Eugene Thacker – The Global Genome


Eugene Thacker. The Global Genome: Biotechnology, Politics, and Culture. The MIT Press, 2005.

Although the main object of Thacker’s The Global Genome is biology (and body itself), the context in which he deals with the object throughout the book is more complex than simple investigation on scientific discipline (genomics) or biological matter (genome). Rather his context is, like his object of research is mutable, flexible, and mobile, across Foucauldian biopolitics, Marx’s critique of political economy, diverse human genome related projects, biocolonialism, bioinfowar, global pharmaceutical industry, tissue engineering, bioart, and so on.

For Thacker, contemporary biotechnology and bioscience research are, different from modern biology, taking place in global level with new means of data analysis and exchange, worldwide pharmaceutical market, standardized intellectual property laws, and global epidemic control. Behind this globalized biotechnologies, what is obvious is the fact that “information technologies – and an informatics worldview – are increasingly becoming part and parcel of our understanding of biological ‘life itself’”(xvi). Put it another way, biological knowledge and practice today is coextensive with the process of (political, economic, and cultural) globalization and that is mainly caused by the close ties between information technology (cybernetics and information theory) and biology (molecular genetics and genomics) – that is to say, bioinformatics. Within the context of bioinformatics, genetic codes (sequence) can be databased, distributed, and exchanged like informational (computer) codes. Thus, in addition to three main types of exchanges in the process of globalization (economic, political, and cultural exchanges), Thacker suggests “biological exchanges” which is enabled by information technologies and information networks.

According to Thacker, “Within the context of globalization, biological exchange can be defined as the circulation and distribution of biological information, be it in a material or immaterial instantiation, that is mediated by one or more value systems”(7). In this biological exchange, the biological (essence of life itself) can be produced, distributed, and consumed, as biological information is encoded, recoded, and decoded. Based on this account, we can assume that “biology is information,” and we tend to think that information is immaterial and so that in the biological exchange, biology and the biological (thus, body itself) have been disappeared – immaterial. Is that really so?

Many political theorists, specifically Italian Autonomists including Antonio Negri and Michael Hardt, argued that in this global informational economy labor becomes immaterial. In this sense, global biological exchange seems at first beyond the materiality of biology. However, Thacker’s argument of “biology is information” does not merely mean that biology is reduced to information. That is because biology cannot stand on itself without the concept of biological matter. Thus, for Thacker, “biological exchange is not simply the ‘digitization’ of biology, for biology has arguably always been enacted of the ‘stuff’ of biological life”(9). In this sense, we come to contradictorily understand biological exchange in “that biology is information, and that information is both immaterial and material”(21).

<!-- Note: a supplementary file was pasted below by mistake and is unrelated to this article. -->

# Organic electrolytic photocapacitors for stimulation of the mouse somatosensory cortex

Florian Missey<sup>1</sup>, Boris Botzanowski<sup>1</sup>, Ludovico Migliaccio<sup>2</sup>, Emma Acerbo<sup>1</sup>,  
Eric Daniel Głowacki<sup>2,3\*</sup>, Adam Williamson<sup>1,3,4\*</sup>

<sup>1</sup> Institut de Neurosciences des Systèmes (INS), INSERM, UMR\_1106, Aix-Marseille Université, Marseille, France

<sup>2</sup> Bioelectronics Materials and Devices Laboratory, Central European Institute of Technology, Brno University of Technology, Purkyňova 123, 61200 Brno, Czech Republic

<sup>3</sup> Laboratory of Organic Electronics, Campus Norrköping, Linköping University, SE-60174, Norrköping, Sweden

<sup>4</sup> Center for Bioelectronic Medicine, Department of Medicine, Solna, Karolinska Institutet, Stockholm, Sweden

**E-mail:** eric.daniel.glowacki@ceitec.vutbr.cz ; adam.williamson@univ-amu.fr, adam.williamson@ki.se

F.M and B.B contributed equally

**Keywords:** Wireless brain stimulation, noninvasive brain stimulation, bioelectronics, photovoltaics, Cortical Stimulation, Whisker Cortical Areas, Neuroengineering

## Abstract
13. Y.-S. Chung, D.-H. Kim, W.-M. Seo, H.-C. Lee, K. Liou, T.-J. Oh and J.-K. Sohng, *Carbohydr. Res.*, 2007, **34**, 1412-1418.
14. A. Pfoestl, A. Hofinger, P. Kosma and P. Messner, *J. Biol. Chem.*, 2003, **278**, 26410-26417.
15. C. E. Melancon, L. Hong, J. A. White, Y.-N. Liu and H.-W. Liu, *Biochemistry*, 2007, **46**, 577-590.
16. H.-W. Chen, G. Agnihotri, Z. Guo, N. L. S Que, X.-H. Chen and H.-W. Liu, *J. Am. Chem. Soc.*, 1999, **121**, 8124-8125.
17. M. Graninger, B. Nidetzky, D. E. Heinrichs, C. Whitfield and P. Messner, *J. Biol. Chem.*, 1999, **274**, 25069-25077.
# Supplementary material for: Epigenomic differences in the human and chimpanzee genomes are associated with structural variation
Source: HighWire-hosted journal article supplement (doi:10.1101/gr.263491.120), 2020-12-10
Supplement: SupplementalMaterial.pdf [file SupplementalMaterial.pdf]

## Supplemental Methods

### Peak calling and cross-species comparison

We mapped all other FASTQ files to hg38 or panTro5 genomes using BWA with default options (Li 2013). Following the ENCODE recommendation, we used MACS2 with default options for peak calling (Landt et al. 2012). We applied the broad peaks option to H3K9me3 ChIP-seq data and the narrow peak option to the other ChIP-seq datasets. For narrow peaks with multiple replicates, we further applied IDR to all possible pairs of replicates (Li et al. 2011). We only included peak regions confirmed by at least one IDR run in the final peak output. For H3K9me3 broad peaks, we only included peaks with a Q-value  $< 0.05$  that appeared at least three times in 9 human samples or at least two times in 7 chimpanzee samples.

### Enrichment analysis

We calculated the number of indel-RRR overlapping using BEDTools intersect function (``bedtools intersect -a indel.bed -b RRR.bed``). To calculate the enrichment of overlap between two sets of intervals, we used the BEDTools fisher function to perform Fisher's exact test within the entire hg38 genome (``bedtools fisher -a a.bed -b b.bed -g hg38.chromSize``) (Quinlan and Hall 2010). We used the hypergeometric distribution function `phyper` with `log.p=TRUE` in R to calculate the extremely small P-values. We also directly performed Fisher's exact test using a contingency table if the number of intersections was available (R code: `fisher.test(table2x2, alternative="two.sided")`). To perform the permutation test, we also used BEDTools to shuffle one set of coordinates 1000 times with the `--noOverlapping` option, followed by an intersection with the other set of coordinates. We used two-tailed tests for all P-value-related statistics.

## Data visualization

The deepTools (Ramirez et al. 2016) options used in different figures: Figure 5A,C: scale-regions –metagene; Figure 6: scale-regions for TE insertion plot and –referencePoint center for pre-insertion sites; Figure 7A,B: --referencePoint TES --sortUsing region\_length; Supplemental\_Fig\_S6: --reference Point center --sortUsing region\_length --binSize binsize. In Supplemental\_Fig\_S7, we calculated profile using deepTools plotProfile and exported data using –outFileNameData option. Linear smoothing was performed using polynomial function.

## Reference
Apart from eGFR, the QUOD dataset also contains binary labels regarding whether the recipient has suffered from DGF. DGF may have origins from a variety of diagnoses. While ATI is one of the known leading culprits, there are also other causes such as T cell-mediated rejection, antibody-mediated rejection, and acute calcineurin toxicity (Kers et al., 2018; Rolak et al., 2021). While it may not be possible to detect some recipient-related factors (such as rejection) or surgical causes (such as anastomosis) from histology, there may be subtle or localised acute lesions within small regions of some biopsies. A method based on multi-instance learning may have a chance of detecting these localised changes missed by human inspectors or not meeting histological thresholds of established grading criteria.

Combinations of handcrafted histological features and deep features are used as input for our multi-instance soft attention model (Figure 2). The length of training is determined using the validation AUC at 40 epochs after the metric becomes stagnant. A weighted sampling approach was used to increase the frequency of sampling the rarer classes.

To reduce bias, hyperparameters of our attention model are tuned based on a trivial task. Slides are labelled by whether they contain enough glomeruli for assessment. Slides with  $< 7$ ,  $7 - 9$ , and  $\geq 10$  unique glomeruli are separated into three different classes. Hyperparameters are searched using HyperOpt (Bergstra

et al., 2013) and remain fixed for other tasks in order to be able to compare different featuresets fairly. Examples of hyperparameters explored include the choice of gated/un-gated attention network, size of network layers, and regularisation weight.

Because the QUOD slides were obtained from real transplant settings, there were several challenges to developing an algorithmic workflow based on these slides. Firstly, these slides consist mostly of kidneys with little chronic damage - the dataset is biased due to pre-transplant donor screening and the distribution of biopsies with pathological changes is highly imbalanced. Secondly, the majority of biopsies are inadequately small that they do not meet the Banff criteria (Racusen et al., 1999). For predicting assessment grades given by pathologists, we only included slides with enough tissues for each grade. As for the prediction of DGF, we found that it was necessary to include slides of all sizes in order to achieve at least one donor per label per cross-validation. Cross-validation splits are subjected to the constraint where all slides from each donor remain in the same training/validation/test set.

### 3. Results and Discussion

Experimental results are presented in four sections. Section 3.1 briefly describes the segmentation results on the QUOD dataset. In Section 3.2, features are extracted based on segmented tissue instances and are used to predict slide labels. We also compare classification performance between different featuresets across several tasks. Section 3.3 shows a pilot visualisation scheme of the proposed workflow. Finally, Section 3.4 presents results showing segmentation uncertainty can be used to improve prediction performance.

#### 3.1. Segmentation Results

In this mode of biological exchange, instead of immaterial labor, Thacker discovers and develops a unique type of labor in regenerative medicine or tissue engineering: “biomaterial labor,” which is performed by the cells, enzymes, and genes (DNA). It is not obvious in the political economy of bio technology who produces and whose labor power is invested to the production process, although there are scientists and laboratory researchers collecting, analyzing, and manipulating those biological matters (300). Patented biological information can be the source of the profit, and at the same time, the biological commodity is the result of, in a sense, automatic (natural) process of cells, enzymes, and DNA. For Thacker, “the biotech industry appropriates the species being at the molecular, genetic, and informatics levels, and, in doing so, it refashions human biological life activity or labor power as a form of nonhuman production”(40). Thus, in the pharmacogenomics and bioinformatics there is a kind of resistance by life itself to Marx’s general process of capital, since the biological commodities to exchange are immaterial information as well as labor power to be invested is nonhuman.[1]